Richard Zacks – whose previous book, Pirate Hunter, will convince you that Captain Kidd was a framed hero, not a murderous buccaneer – takes on the story of Thomas Jefferson and the Barbary Pirates in The Pirate Coast. This is mostly the story of William Eaton, whose exploits put "the shores of Tripoli" in the Marine Corps hymn.
An idealistic veteran of the Revolutionary War veteran, Eaton, as consul to Tripoli, was offended by America’s kowtow to the Barbary Pirates and pay extortion as the price of doing business in the trade-rich Mediterranean.
With great fanfare, President Jefferson sent the pride of the U.S. Navy, the Philadelphia, to the Mediterranean to strike a blow for freedom of the seas. When Capt. William Bainbridge embarrassingly ran the Philadelphia aground in Tripoli Bay while pursuing pirates, he and his crew of over 300 were held hostage for ransom. Bainbridge – later decorated for his role in the affair during the political scramble for cover – still holds the U.S. Navy's record for cowardice. He surrendered not one but two ships in his career with hardly a shot being fired.
Eaton lobbied Jefferson for months for the chance to do something about the U.S. captives. Then he spent several more months seeking the exiled Prince Hamet in Egypt, before finally mounting an army for the mission to install Hamet on his brother's throne in Tripoli.
Meanwhile, the top U.S. diplomat in the region, Tobias Lear – who wed and outlived one niece of George Washington, then married another one – does everything he can to undercut the mission. Jefferson, the revolutionary with a wide streak of pacifism and a grave mistrust of standing armies, listens to Lear and begins backing away from Eaton's objective.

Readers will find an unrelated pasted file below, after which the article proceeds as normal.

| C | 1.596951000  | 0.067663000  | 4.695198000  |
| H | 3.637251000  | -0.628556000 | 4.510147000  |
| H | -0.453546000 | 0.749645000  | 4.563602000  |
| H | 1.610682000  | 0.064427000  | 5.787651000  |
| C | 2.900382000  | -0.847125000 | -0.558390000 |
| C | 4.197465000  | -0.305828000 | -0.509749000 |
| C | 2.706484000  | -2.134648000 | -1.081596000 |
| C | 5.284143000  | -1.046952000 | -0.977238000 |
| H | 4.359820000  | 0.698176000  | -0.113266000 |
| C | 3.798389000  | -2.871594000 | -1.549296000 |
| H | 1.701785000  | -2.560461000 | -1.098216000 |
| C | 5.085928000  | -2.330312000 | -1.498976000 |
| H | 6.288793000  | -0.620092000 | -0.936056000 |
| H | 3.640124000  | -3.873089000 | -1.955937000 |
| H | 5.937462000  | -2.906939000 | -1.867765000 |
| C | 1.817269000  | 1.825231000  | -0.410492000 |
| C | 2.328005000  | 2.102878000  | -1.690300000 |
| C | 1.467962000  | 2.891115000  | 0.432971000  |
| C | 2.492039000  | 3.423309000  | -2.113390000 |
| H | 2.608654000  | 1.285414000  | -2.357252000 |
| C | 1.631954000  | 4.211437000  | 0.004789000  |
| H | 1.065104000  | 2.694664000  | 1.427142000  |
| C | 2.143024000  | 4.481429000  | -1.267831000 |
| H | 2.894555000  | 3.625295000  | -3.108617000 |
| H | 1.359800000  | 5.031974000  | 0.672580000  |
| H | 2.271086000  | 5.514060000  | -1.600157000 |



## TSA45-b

Eaton, however, bulled ahead with his mission against all odds. Accompanied by only eight US Marines, he gathered a rag-tag army pledged to Hamet. While neither nuanced nor diplomatic, Eaton kept his multicultural force together through a brutal 500-mile journey across the Libyan desert by sheer will. But just as ultimate military success was in his reach, Lear -with Jefferson's consent- treacherously pulled it from his grasp.
Ironically, it was Eaton's own partial success along with some feats of daring by Stephen Decatur to scuttle the Philadelphia before it could be used by the Enemy that took the pressure off Jefferson to act, and led to America's first cut and run Jack Murtha-like action.
Feeling betrayed and morally indignant over how Hamet and the Arabs who fought for their liberty were sold out, Eaton was surprised when he returned home to find himself feted as the toast of the nation. Ultimately, however, he could neither play nice nor resist using his new platform to go after Jefferson and expose the truth about the Tripoli mission and the President's role.
The Pirate Coast is a superb historical narrative with flawed heroes, a near-demigod with feet of clay, cynics who scoff at the bravery of their betters, and ordinary people spurred to do great things in the pursuit of liberty. Along with White Gold it provides a great summer read while also providing historical perspective on the Middle East and America's first war against militant Islam.